In 1933, Paramount Pictures released an all-star version of the story, with Charlotte Henry as Alice, Cary Grant as the Mock Turtle and Gary Cooper as the White Knight.

Another famous film depiction was Disney's 1951 animated movie, where Alice is portrayed as a blonde-haired, blue-eyed All-American girl voiced by Kathryn Beaumont, who would later play Wendy in the studio's animated version of Peter Pan.

"I think it's Wonderland itself which changes so dramatically depending on the filmmaker," Baker said. "In the original Disney film it is an incredibly sweet, slightly saccharine place where people sing rather coy songs about flowers – whereas in other versions it is much darker, and perhaps closer to Carroll's original vision."

Chris Green

Arts and Entertainment
'Silent Night' last topped Classic FM's favourite Christmas carol poll in 2002
Arts and Entertainment
Caroline Flack became the tenth winner of Strictly Come Dancing
tvReview: 'Absolutely phenomenal' Xtra Factor presenter wins Strictly Come Dancing final
Arts and Entertainment
J Jefferson Farjeon at home in 1953
booksBooksellers say readers are turning away from modern thrillers and back to golden age of crime writing
Arts and Entertainment
Female fans want more explicit male sex in Game of Thrones, George R R Martin says

film George RR Martin owns a cinema in Santa Fe

Arts and Entertainment
Clued up: John Lynch and Gillian Anderson in ‘The Fall’

TV review

Arts and Entertainment
Rhys says: 'I'm not playing it for laughs, but I have learnt that if you fall over on stage, people can enjoy that as much as an amazing guitar solo'
musicGruff Rhys on his rock odyssey, and the trouble with independence
Arts and Entertainment
Krysia and Daniel (Hand out press photograph provided by Sally Richardson)
How do today's composers answer the challenge of the classical giant?
Have you tried new the Independent Digital Edition apps?
Arts and Entertainment

ebooksNow available in paperback
Arts and Entertainment

Shenaz Treasurywala
Arts and Entertainment
Jason Watkins as Christopher Jefferies
Arts and Entertainment
Star Wars Director JJ Abrams: key character's names have been revealed
Arts and Entertainment
Pharrell Williams won two BBC Music Awards for Best Song and International Artist
Arts and Entertainment
Mark, Katie and Sanjay in The Apprentice boardroom
Arts and Entertainment

Film The critics but sneer but these unfashionable festive films are our favourites

Arts and Entertainment
Frances O'Connor and James Nesbitt in 'The Missing'

TV We're so close to knowing what happened to Oliver Hughes, but a last-minute bluff crushes expectations

Arts and Entertainment
Joey Essex will be hitting the slopes for series two of The Jump


Who is taking the plunge?
Arts and Entertainment
Katy Perry as an Ancient Egyptian princess in her latest music video for 'Dark Horse'

Arts and Entertainment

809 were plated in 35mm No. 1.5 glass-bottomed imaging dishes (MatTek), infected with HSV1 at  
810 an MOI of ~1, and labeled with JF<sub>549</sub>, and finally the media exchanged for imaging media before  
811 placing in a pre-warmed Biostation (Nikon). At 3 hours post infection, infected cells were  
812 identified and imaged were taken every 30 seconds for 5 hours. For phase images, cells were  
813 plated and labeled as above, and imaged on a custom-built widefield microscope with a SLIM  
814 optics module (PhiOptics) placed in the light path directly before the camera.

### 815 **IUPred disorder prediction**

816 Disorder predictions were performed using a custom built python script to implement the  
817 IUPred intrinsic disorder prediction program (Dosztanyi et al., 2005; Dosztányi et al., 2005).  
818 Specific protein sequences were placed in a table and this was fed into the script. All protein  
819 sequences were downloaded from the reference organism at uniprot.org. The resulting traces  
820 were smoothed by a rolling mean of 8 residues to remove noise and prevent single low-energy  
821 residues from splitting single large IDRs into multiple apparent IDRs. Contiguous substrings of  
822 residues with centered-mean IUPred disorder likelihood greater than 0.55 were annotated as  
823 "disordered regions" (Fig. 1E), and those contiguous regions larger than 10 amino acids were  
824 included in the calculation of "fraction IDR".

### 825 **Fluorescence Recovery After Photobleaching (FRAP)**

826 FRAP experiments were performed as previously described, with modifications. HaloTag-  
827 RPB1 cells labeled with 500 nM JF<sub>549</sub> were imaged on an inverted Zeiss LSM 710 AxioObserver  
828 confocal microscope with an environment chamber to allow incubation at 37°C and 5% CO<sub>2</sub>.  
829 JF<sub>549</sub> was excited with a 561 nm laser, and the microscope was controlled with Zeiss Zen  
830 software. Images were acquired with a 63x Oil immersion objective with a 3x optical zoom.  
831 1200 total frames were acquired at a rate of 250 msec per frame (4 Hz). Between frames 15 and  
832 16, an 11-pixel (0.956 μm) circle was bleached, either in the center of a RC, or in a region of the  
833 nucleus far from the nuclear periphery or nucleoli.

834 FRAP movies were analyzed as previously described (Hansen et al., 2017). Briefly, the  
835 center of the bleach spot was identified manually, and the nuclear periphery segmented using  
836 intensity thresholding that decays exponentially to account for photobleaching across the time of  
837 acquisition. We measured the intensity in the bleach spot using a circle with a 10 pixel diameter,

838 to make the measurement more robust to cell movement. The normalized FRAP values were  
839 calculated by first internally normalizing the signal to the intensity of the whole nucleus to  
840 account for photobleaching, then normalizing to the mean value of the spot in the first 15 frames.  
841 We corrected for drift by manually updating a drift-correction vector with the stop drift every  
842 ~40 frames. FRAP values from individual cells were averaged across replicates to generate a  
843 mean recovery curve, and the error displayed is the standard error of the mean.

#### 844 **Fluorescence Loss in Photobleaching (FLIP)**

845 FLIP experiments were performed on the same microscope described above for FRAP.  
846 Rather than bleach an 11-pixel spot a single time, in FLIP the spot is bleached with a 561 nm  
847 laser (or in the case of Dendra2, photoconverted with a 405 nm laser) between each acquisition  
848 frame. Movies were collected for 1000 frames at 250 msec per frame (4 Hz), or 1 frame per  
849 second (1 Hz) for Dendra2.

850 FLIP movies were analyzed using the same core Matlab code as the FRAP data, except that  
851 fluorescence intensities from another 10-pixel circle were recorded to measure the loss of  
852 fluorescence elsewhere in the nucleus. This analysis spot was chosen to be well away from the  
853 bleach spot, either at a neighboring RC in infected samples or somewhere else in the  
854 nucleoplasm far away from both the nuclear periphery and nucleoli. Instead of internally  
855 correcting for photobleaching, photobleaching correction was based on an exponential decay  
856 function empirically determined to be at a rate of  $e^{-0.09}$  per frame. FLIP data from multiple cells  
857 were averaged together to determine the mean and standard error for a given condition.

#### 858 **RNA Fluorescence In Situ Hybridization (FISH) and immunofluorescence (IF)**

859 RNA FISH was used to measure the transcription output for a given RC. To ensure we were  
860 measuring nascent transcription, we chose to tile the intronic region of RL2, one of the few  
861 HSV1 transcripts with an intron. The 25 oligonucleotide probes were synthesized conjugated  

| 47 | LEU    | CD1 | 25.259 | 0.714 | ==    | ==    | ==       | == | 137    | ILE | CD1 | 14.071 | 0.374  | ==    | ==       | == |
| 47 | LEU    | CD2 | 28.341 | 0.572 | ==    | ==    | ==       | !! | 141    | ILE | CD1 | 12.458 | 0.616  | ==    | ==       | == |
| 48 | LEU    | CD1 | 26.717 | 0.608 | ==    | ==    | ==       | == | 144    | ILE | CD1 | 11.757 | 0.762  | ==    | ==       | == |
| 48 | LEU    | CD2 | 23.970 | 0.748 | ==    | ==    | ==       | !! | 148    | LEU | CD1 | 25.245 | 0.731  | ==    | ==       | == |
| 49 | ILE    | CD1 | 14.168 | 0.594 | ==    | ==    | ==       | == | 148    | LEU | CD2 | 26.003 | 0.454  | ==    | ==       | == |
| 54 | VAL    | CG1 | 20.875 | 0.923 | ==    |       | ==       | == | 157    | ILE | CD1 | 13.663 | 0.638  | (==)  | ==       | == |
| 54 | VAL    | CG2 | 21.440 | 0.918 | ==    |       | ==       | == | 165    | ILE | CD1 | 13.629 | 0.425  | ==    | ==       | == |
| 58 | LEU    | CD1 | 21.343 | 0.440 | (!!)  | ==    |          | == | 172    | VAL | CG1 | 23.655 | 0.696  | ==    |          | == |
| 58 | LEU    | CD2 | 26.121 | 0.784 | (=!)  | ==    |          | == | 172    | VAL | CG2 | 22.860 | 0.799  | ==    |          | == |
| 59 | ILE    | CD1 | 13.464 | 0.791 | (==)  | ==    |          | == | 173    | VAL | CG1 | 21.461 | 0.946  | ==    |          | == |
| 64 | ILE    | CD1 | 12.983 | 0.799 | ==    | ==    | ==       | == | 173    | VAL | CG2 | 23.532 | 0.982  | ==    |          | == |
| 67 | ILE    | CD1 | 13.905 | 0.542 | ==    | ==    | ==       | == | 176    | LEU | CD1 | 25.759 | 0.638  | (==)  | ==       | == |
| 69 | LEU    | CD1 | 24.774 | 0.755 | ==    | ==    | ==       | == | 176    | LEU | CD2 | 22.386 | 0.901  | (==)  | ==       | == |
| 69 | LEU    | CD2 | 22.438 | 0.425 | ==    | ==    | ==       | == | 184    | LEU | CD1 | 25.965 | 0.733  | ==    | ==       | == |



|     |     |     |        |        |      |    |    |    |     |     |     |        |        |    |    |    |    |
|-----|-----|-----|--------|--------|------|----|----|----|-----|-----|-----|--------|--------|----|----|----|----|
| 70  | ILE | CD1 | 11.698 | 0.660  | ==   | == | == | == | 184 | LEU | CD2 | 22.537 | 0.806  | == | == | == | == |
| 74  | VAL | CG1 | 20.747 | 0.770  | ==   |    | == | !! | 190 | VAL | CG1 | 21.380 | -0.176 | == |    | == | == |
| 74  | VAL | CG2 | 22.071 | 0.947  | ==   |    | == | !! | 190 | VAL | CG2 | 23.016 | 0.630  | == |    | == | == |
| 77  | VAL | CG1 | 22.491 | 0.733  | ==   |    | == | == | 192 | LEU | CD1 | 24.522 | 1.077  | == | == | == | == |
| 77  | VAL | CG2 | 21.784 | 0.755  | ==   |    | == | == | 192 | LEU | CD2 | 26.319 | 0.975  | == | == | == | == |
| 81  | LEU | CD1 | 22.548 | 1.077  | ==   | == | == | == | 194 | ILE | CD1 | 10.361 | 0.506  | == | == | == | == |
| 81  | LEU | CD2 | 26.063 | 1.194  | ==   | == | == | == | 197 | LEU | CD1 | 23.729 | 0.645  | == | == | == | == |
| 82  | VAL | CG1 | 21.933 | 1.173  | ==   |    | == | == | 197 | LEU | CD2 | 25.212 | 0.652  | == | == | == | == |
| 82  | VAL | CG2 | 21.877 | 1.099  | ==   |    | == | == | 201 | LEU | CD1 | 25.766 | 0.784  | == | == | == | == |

Dame Judi Dench, as M in Skyfall

Arts and Entertainment
Morrissey, 1988

Latest stories from i100
Have you tried new the Independent Digital Edition apps?

ES Rentals

    Independent Dating

    By clicking 'Search' you
    are agreeing to our
    Terms of Use.

    Isis in Iraq: Yazidi girls killing themselves to escape rape and imprisonment by militants

    'Jilan killed herself in the bathroom. She cut her wrists and hanged herself'

    Yazidi girls killing themselves to escape rape and imprisonment
    Ed Balls interview: 'If I think about the deficit when I'm playing the piano, it all goes wrong'

    Ed Balls interview

    'If I think about the deficit when I'm playing the piano, it all goes wrong'
    He's behind you, dude!

    US stars in UK panto

    From David Hasselhoff to Jerry Hall
    Grace Dent's Christmas Quiz: What are you – a festive curmudgeon or top of the tree?

    Grace Dent's Christmas Quiz

    What are you – a festive curmudgeon or top of the tree?
    Nasa planning to build cloud cities in airships above Venus

    Nasa planning to build cloud cities in airships above Venus

    Planet’s surface is inhospitable to humans but 30 miles above it is almost perfect
    Surrounded by high-rise flats is a little house filled with Lebanon’s history - clocks, rifles, frogmen’s uniforms and colonial helmets

    Clocks, rifles, swords, frogmen’s uniforms

    Surrounded by high-rise flats is a little house filled with Lebanon’s history
    Return to Gaza: Four months on, the wounds left by Israel's bombardment have not yet healed

    Four months after the bombardment, Gaza’s wounds are yet to heal

    Kim Sengupta is reunited with a man whose plight mirrors the suffering of the Palestinian people
    Gastric surgery: Is it really the answer to the UK's obesity epidemic?

    Is gastric surgery really the answer to the UK's obesity epidemic?

    Critics argue that it’s crazy to operate on healthy people just to stop them eating
    Homeless Veterans appeal: Christmas charity auction Part 2 - now LIVE

    Homeless Veterans appeal: Christmas charity auction

    Bid on original art, or trips of a lifetime to Africa or the 'Corrie' set, and help Homeless Veterans
    Pantomime rings the changes to welcome autistic theatre-goers

    Autism-friendly theatre

    Pantomime leads the pack in quest to welcome all
    The week Hollywood got scared and had to grow up a bit

    The week Hollywood got scared and had to grow up a bit

    Sony suffered a chorus of disapproval after it withdrew 'The Interview', but it's not too late for it to take a stand, says Joan Smith
    From Widow Twankey to Mother Goose, how do the men who play panto dames get themselves ready for the performance of a lifetime?

    Panto dames: before and after

    From Widow Twankey to Mother Goose, how do the men who play panto dames get themselves ready for the performance of a lifetime?
    Thirties murder mystery novel is surprise runaway Christmas hit

    Thirties murder mystery novel is surprise runaway Christmas hit

    Booksellers say readers are turning away from dark modern thrillers and back to the golden age of crime writing
    Anne-Marie Huby: 'Charities deserve the best,' says founder of JustGiving

    Anne-Marie Huby: 'Charities deserve the best'

    Ten million of us have used the JustGiving website to donate to good causes. Its co-founder says that being dynamic is as important as being kind
    The botanist who hunts for giant trees at Kew Gardens

    The man who hunts giants

    A Kew Gardens botanist has found 25 new large tree species - and he's sure there are more out there